Have you heard about compassion? According to the Dalai Lama, compassion is “associated with a sense of commitment, responsibility, and respect toward the other.” A recent scholarly definition sees compassion as “an interpersonal process involving the noticing, feeling, sense making, and acting that alleviates the suffering of another person” (Dutton, Workman, & Hardin, 2014).
While compassion has long been established as a critical concept in religious and philosophical domains, it is nowadays largely used in the world of psychotherapy and is increasingly popular in titles of self-help books. Yet, in the world of business it seems to be a fairly distant concept, and might even imply lower productivity, decreased performance and potential organizational entropy. The sentiment may be understandable if we perceive, on the whole, businesses as results-oriented and outcome-driven, suggesting that pressure seems naturally the only right thing in such an environment.
Does the high-pressure environment truly lead to financial success though? And should compassion be left to the religious, soul-searching people, care workers, NGOs and other financially unambitious enterprises?
In fact, these assumptions are increasingly challenged by a growing body of research on the matter. First of all, there is a substantial body of research on positive organizational psychology, which builds a strong case against high-pressure business climates. As summarized in a relevant HBR article, although pressuring and pushing employees to perform better might have initial financial results, the costs of such strategies are noteworthy. Compared to positive environments, high-pressure organizations have greater stress-related health care costs, lower engagement, higher absenteeism, and lack loyalty. There is no doubt that every manager understands how these trends relate not only to employees’ wellbeing, but also to businesses financial outcomes.
Secondly, new scientific evidence indicates the clear benefits of compassionate climates. In their review of research on compassion at work, Dutton and colleagues (2014) highlight that receiving compassion at work promotes positive emotions, reduces anxiety, and increases attachment, commitment and gratitude towards the organization. In compassionate climates people also feel valued. On the side of compassion ‘providers’, research indicates that compassionate people are perceived more strongly as leaders. Finally, at the level of collective benefits, compassion seems to connect people, create more interpersonal trust, and induce higher levels of positive emotions, greater collective commitment and lower turnover rates. Again, it is not difficult to connect all these outcomes to general wellbeing, both of employees and the organization as a whole.
Naturally, as good of a thing as compassion can be, practicing it might not be that easy. For example, one empirical study of compassion through the lens of practicing managers (Banker & Bhal, 2020) revealed several ‘vicious’ factors, which hinder compassion in organizations. Specifically, managers reported that excessive focus on short-term goals, high work pressure, paucity of time, organizational politics that create rivalry and, respectively, lack of trust among employees – are the main barriers towards compassion. On the contrary, the ‘virtuous’ cycle of compassion in organizations starts from empathetic leadership—thus leaders, who are more concerned for their people and who convey organizational ethical values through their actions. Indeed, as the study authors highlight, compassion cannot exist in isolation, it should be rooted in a larger organizational context of values and norms. Herein the importance of taking time for implementing such values in the organizational culture and work structures and policies. For example, think of employee support practices, such as extra care for pregnant or sick employees, or initiatives that facilitate high-quality relationships among people.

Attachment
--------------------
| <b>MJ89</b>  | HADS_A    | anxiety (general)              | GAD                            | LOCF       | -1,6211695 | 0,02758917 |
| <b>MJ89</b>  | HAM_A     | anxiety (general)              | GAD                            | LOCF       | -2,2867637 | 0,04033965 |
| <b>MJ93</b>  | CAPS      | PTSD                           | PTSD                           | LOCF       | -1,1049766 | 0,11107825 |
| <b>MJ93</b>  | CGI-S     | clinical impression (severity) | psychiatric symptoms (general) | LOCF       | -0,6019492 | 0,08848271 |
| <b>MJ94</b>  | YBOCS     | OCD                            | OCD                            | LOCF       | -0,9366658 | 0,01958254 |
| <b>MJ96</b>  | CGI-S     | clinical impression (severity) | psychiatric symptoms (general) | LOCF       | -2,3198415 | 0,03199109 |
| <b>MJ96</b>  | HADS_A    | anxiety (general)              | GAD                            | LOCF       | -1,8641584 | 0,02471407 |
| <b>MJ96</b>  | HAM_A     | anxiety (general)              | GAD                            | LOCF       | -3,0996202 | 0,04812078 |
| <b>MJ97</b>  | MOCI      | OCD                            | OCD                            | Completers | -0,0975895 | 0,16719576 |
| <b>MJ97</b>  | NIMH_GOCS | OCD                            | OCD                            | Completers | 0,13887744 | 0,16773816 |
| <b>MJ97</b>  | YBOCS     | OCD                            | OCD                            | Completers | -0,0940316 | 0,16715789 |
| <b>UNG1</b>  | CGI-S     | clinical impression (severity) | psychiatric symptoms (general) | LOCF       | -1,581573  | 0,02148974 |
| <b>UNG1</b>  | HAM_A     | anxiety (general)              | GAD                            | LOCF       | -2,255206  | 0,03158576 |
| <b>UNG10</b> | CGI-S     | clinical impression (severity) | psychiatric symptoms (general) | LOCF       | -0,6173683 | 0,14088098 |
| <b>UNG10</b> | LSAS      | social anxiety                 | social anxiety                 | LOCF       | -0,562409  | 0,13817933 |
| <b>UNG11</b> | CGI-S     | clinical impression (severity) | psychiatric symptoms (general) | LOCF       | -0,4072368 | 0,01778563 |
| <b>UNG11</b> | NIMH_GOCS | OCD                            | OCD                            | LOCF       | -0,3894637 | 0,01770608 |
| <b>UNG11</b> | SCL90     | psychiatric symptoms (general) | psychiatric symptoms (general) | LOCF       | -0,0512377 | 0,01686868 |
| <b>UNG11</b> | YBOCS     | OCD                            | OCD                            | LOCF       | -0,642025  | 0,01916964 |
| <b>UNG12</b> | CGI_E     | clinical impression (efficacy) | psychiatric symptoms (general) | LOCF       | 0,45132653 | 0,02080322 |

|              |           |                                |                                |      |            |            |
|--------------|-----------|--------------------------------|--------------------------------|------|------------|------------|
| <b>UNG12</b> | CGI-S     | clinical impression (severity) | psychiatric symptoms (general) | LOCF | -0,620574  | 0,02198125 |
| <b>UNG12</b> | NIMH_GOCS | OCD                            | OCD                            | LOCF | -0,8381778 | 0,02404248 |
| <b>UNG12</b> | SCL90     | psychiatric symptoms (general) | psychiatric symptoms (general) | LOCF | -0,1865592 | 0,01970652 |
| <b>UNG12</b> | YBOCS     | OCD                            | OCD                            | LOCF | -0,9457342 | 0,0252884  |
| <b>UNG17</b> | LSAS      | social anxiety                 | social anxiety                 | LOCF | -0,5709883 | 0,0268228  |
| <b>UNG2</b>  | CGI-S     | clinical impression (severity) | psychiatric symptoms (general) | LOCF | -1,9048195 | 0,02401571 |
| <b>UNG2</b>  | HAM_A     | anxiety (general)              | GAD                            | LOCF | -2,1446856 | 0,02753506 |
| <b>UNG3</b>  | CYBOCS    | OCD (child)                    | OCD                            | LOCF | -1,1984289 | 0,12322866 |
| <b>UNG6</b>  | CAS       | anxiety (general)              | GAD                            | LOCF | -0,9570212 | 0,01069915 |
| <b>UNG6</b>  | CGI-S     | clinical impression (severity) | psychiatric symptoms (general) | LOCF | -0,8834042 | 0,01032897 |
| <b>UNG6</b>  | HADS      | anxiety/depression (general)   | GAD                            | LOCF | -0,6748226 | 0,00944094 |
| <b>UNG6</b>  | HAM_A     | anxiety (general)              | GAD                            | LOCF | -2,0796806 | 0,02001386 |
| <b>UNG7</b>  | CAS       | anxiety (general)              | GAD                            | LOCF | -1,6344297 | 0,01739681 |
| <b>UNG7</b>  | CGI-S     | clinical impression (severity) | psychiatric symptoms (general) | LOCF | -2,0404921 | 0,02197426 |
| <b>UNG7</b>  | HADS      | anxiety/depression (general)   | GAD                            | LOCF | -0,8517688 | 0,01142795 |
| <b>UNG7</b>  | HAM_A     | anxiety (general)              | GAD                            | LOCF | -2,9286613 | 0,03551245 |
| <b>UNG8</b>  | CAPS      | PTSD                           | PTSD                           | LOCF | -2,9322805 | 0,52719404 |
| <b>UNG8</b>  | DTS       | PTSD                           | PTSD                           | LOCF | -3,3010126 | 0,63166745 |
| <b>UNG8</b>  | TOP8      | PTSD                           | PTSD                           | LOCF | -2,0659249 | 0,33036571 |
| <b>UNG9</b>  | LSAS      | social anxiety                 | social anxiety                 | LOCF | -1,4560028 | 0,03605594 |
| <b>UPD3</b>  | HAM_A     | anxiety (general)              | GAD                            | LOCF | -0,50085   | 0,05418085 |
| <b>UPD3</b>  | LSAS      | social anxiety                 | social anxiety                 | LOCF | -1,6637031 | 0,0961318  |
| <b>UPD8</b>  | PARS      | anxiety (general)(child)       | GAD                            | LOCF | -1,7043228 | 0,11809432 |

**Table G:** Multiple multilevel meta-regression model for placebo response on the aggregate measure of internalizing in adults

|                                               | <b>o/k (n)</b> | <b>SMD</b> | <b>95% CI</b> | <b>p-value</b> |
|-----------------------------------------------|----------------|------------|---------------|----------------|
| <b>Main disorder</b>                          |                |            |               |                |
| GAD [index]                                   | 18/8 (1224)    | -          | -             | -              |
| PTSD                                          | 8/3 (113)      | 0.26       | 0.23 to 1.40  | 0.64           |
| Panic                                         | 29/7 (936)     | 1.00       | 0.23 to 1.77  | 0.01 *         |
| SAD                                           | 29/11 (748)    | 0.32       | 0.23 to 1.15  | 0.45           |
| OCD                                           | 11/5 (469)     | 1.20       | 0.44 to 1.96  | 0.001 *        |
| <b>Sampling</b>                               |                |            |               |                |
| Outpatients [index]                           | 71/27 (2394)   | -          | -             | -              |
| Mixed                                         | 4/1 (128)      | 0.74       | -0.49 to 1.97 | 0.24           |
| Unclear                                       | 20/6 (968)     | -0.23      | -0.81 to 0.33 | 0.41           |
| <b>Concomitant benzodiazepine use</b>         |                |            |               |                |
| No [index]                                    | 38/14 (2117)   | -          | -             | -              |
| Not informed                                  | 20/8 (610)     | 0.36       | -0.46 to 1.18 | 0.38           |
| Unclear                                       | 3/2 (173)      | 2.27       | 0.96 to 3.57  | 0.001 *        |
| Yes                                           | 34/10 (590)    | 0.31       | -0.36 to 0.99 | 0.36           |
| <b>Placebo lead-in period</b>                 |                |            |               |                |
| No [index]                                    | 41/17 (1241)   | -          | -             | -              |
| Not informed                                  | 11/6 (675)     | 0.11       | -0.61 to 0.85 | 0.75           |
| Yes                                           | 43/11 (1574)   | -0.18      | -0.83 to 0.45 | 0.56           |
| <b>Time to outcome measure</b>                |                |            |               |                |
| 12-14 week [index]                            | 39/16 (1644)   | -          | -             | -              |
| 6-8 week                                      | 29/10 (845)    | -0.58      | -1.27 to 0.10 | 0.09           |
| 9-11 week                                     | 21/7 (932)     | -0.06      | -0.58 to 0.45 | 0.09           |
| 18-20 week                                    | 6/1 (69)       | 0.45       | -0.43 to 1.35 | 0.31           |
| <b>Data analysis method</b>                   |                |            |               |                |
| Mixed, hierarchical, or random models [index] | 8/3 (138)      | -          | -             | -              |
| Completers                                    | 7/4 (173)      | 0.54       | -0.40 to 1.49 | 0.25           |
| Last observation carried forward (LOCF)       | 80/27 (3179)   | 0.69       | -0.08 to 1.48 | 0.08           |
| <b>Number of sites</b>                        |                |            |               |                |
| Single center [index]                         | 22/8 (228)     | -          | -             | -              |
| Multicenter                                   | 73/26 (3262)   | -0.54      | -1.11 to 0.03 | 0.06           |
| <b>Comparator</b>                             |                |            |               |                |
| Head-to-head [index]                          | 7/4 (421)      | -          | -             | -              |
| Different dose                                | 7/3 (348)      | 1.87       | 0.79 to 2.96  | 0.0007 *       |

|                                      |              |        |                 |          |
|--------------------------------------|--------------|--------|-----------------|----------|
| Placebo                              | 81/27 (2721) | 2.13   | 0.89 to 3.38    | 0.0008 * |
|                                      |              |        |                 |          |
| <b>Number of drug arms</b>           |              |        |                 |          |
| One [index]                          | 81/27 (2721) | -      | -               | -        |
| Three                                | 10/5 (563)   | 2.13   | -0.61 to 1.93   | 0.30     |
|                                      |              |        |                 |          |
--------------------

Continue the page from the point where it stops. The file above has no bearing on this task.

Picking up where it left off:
All in all, I strongly believe that the discussion about compassion in business is not only relevant and justified, but will continue to grow. As summarized in the two aforementioned articles, the focus on compassion is both timeless and timely. Compassion is as timeless as the well-known notion of being good by doing good… Yet, the discussion of compassion seems also extremely timely. Given our current global challenges, compassion could be just the right thing to turn to.
Dutton, J. E., Workman, K. M., & Hardin, A. E. (2014). Compassion at work. Annual Review of Organizational Psychology and Organizational Behavior, 1(1), 277-304. doi:10.1146/annurev-orgpsych-031413-091221
Banker, D. V., & Bhal, K. T. (2020). Understanding compassion from practicing managers’ perspective: Vicious and virtuous forces in business organizations. Global Business Review, 21(1), 262-278.